Overcoming the limitations of traditional test design
Test design is often a very time consuming process when it need not be. People are often weighed further down by tools such as jack of all trades, master of none test management systems which dictate that tests are written in a less than optimal format, or introduce additional frustrations to those that try to use them. External pressures outwith the team may see them required to produce sufficient quantities of tests in relation to features or requirements being developed. Problematic, this certainly is. When it seems everything is conspiring to make what should be a very creative experience, regimented and structured, then it is time to step back and think of alternative options.
Mind mapping helps reduce the cost of test design significantly by visualizing the item being designed and providing a holistic view point to develop ideas rapidly. Essentially what this really means is that the creative side of our brains is much more engaged whilst developing ideas in a visual format. Additionally by providing a birds eye view of the elements under test, ideas will spring to mind which may have not been consider in a linear thought process associated with writing tests in a document, or test management system.
Obviously this is not a straight forward technique that will work for everyone, so in the following series of posts I would like to introduce approaches to test case design using mind maps, and introduce considerations to make your experience with the concept more beneficial and powerful.
Test Conditions Vs Test Ideas
We will start off simple and look at the idea of test conditions Vs test ideas. Let’s explain each briefly to remove any uncertainty behind them. A test condition is a check that states based upon our knowledge of the item under test, we expect something to occur. An example of a test condition might be:
“The login functionality should be easily extensible, so that in the future, should we want to add in an additional field such as a user pin, we could do this easily by extending the capabilities of the login API.”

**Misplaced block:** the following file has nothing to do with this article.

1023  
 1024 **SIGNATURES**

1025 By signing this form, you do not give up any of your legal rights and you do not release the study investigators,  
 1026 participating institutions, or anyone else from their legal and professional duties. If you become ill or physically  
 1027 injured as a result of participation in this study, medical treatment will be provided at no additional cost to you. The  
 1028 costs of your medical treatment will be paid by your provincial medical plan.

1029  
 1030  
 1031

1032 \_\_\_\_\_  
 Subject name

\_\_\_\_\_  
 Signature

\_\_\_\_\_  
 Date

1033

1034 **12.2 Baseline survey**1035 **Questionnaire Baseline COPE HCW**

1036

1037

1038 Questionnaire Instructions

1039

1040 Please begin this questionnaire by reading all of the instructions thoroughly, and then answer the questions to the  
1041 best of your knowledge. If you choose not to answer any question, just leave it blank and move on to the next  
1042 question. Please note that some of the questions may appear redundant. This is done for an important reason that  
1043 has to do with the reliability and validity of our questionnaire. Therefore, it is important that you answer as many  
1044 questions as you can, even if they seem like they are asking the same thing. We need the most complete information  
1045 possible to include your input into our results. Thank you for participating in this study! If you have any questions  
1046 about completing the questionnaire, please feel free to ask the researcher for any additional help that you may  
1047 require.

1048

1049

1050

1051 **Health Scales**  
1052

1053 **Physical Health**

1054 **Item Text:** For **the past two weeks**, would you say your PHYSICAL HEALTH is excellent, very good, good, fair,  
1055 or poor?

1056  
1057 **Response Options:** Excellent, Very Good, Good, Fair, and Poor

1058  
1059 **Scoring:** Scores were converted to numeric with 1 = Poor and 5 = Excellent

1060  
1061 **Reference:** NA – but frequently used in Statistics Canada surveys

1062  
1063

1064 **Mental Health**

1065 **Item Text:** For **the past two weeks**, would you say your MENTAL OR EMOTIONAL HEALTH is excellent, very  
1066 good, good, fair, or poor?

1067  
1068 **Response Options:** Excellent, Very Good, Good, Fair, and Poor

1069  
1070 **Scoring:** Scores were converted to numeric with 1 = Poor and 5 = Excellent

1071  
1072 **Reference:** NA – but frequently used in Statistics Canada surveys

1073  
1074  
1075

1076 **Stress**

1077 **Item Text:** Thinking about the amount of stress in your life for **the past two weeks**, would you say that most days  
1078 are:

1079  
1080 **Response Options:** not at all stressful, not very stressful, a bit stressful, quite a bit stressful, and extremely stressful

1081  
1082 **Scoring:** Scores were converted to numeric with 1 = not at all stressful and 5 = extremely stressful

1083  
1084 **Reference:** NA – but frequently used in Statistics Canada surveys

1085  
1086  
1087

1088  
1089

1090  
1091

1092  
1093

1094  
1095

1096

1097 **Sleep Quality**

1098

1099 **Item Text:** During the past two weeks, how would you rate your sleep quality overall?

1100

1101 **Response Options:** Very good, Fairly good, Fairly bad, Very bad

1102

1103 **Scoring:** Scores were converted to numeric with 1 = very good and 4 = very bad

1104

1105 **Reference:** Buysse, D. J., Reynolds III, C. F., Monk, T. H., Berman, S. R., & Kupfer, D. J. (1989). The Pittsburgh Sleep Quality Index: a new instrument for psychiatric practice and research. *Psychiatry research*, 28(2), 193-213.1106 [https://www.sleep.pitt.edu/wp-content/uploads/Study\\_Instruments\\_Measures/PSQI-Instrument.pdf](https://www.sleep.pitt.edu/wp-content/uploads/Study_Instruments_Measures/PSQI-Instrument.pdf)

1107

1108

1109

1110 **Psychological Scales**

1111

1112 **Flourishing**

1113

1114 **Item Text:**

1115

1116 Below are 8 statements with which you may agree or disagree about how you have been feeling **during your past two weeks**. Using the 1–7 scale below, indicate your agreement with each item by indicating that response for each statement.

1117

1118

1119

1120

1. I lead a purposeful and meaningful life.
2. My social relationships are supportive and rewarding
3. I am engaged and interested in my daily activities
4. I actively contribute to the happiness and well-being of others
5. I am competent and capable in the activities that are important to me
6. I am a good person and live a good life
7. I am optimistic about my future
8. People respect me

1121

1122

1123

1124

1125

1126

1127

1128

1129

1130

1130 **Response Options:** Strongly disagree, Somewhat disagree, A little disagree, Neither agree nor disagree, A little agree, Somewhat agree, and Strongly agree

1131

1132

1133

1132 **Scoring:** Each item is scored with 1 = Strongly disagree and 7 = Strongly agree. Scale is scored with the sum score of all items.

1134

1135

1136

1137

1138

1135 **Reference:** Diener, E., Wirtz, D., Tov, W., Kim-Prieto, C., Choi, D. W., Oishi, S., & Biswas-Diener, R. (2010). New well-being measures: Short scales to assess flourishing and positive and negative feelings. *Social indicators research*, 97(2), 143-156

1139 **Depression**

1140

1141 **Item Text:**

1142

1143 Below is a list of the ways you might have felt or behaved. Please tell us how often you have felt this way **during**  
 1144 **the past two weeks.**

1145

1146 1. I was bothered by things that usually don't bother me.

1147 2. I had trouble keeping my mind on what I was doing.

Now if we were to take such an extensive approach for everything we thought of, the process of designing tests would become very long.
Test ideas on the other hand essentially allow you to note your thoughts down in a rapid but less extensive format. Let’s look at the previous example for a test condition and switch it to a test idea:
“Extensibility > Login > Additional fields > e.g. user pin”
Now this is certainly less readable, and may prove more problematic for others to understand than a test condition, but it can greatly reduce the time it takes to design your initial tests. You can also see how the format of test ideas blend well to mind mapping, which benefits from quick sharp notes, as opposed to longer sentences.
Additionally, consider a persons level of understanding of a type of testing. It is much more difficult to write test conditions for something which we don’t have a full understanding of yet, but in a test idea format, we could cover this more quickly without going into too much detail. Take for example, encryption used to secure credentials for a login process. There are many elements to consider here, such as the type and strength of encryption used. Has it been implemented correctly? The distribution of keys and countless others concerns which go beyond my experience.
In a test idea format, we could simply list our knowledge in a short, quick format:
- Implemented correctly
- Implemented incorrectly
- Becomes weak
- Improve encryption method
- Key distribution
Or better still in a mind map format:
So when should we use one or the other?
I tend to base my decision upon the cost developing the tests Vs who will be executing them. When you consider the person executing the tests, a developer would benefit a lot more from a test condition, than would another tester who already has a trained exploratory mind set; or at least we would hope so.
Proactive use of conditions
From a proactive viewpoint, one of the techniques I had used in the past was to introduce mind maps to take a holistic approach to test design. You can read more about that in my post on lean test case design. If you look at the example picture below taken from that approach, you can see that if we are mapping out a holistic view of the system under test, then test conditions become very useful. Indeed, if the intent is to pass these on to developers as acceptance checks for their work, prior to handing it over to be properly tested, then the time taken to develop these becomes much more meaningful. If we simply wish to hand them over to another tester, then this extensive conditional approach may limit that testers potential at uncovering new areas of interest, or additional concerns that test ideas would help promote.